Still, school violence<bullying>, in whatever form, is a problem that can leave lasting negative effects on a child or young adult. Those with the highest risk of becoming victims of school violence are between the ages of 12 and 24.

Studies show that each year one in 12 teens in high school is threatened or injured with a weapon. Beyond physical damage, victims, instigators, or witnesses of school violence may develop psychological problems including depression, anxiety, and immobilizing fear.

Common indicators of school violence include victimization, verbal harassment, classroom disorder, coercion, criminality, and physical assault.

Bullying is the most common experience for many children and adolescents.

Surveys indicate that as many as half of all children are bullied at some time during their school years, and at least 10% are bullied on a regular basis (source: The American Academy of Child and Adolescent Psychiatry).

Let’s be clear.

Bullying isn’t always physical.  While boys tend to use physical intimidation or threats, girls tend to use verbal intimidation, threats & slurs … usually with another girl as the target.

And the web is creating an entirely new bullying world.

Nearly 42% of kids have been bullied online and almost one in four have had it happen more than once.

–          Nine out of ten middle school students have had their feelings hurt online.

–          About 75% have visited a Web site bashing another student.

–          Four out of ten middle school students have had their password(s) stolen and changed by a bully who then locked them out of their own account or sent communications posing as them.

–          About 21% of kids have received mean or threatening e-mails.

–          About 58% of kids admit someone has said mean or hurtful things to them online. More than four out of ten say it has happened more than once.

Source: Cyber Bullying Facts

The psychological and emotional outcomes of cyber bullying are similar to real-life bullying outcomes, except for the reality that with cyber bullying there is often no escape.

School ends at 3 p.m. The Internet is available all the time.


I found this written by a teen which I wanted to share:

–          WHAT I THINK ABOUT ALL OF THIS. Telling someone to die, go to hell, etc., via the internet or any other medium is NEVER ok. EVER. I don’t care what they did, you’re either going to make them want to continue with what they were doing, or cause them to lose it. It doesn’t matter in the words are spoken or typed. It’s at least just as painful over the internet, if not more so. Are you mad? Are you about to say something that you don’t really mean, but there’s a chance the person you intend to tell it to will take it seriously? DON’T TYPE IT. Cool your head, organize your thoughts, then please make a coherent post explaining why you don’t agree with someone or why you think that they were wrong. Spewing anger leads to more people being upset and solves NOTHING. People, think before you type. Because guess what? That person you’re about to hate on, anon or not, they’re a REAL PERSON. Not just another page on the internet. Let’s stand together everyone and fight for this.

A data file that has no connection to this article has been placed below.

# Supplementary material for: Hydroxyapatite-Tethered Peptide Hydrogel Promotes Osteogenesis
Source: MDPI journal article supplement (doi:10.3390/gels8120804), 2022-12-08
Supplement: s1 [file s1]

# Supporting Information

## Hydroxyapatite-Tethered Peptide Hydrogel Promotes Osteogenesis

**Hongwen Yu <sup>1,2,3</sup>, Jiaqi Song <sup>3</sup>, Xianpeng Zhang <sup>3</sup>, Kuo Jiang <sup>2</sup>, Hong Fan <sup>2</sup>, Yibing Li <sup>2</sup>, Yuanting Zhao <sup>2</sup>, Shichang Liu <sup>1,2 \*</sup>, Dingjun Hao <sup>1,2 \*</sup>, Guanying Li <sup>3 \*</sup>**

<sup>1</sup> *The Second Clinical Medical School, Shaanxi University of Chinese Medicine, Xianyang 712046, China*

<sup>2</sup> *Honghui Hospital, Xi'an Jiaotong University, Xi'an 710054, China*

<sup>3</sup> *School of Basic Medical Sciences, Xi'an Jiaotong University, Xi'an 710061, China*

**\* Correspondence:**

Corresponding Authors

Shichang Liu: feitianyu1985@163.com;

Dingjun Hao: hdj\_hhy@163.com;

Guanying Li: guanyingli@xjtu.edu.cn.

I am not naïve enough to believe we can completely stop bullying. Bullying will continue as long as children want to show they are able to bully for whatever reason they want to show. For some kids I believe bullying is the only place where they can realize some real power in, and over, life. Maybe they have external issues that they believe they can finally intimidate others the way people intimidate them. Maybe, to them, bullying is a pleasure, maybe it is “serious joking around”, maybe it some aspect of self actualization and maybe even it is a thoughtless hobby-like behavior.

And maybe bullying is to prove something to themselves that they do not get at home.

Maybe they find it fun to be hurting a vulnerable person who is different.

But I believe limits can be drawn. And I believe they can be drawn by kids themselves … and empowered to manage those limits.

Maybe this is where discussion really helps.

In a 90’s study middle school students responded to the question, “What do you do when you see a child of your age being bullied?” in the following manner:

–          49 percent said they tried to help in some way.

–          29 percent said they did nothing, but thought that they should try to help

–          22 percent said they would not help because it was none of their business.

–          A full third of the young people in this study indicated that they could see why bullying happened, which seems to suggest that they, at some level, accept and/or condone bullying behavior among their peers.

And, in another study by Whitney and Smith (1993), 18 percent of the participating middle and high school students said that they would join in if their friends were bullying someone.

This is going to sound harsh, but, the one who is being bullied probably cannot stop it … for a variety of reasons … and I don’t mean to make them sound helpless but it is partially out of their hands. But others can do something.

I could have stopped the bullying of that one kid. But I didn’t. And that is something I know I bear with me even today. And, frankly, I am not the important one in this discussion … I was not the one bullied.

I should have stopped. And done something to stop it.

Would I have lost friends? Maybe.

Would it have been the right thing to do? Yes.

Written by Bruce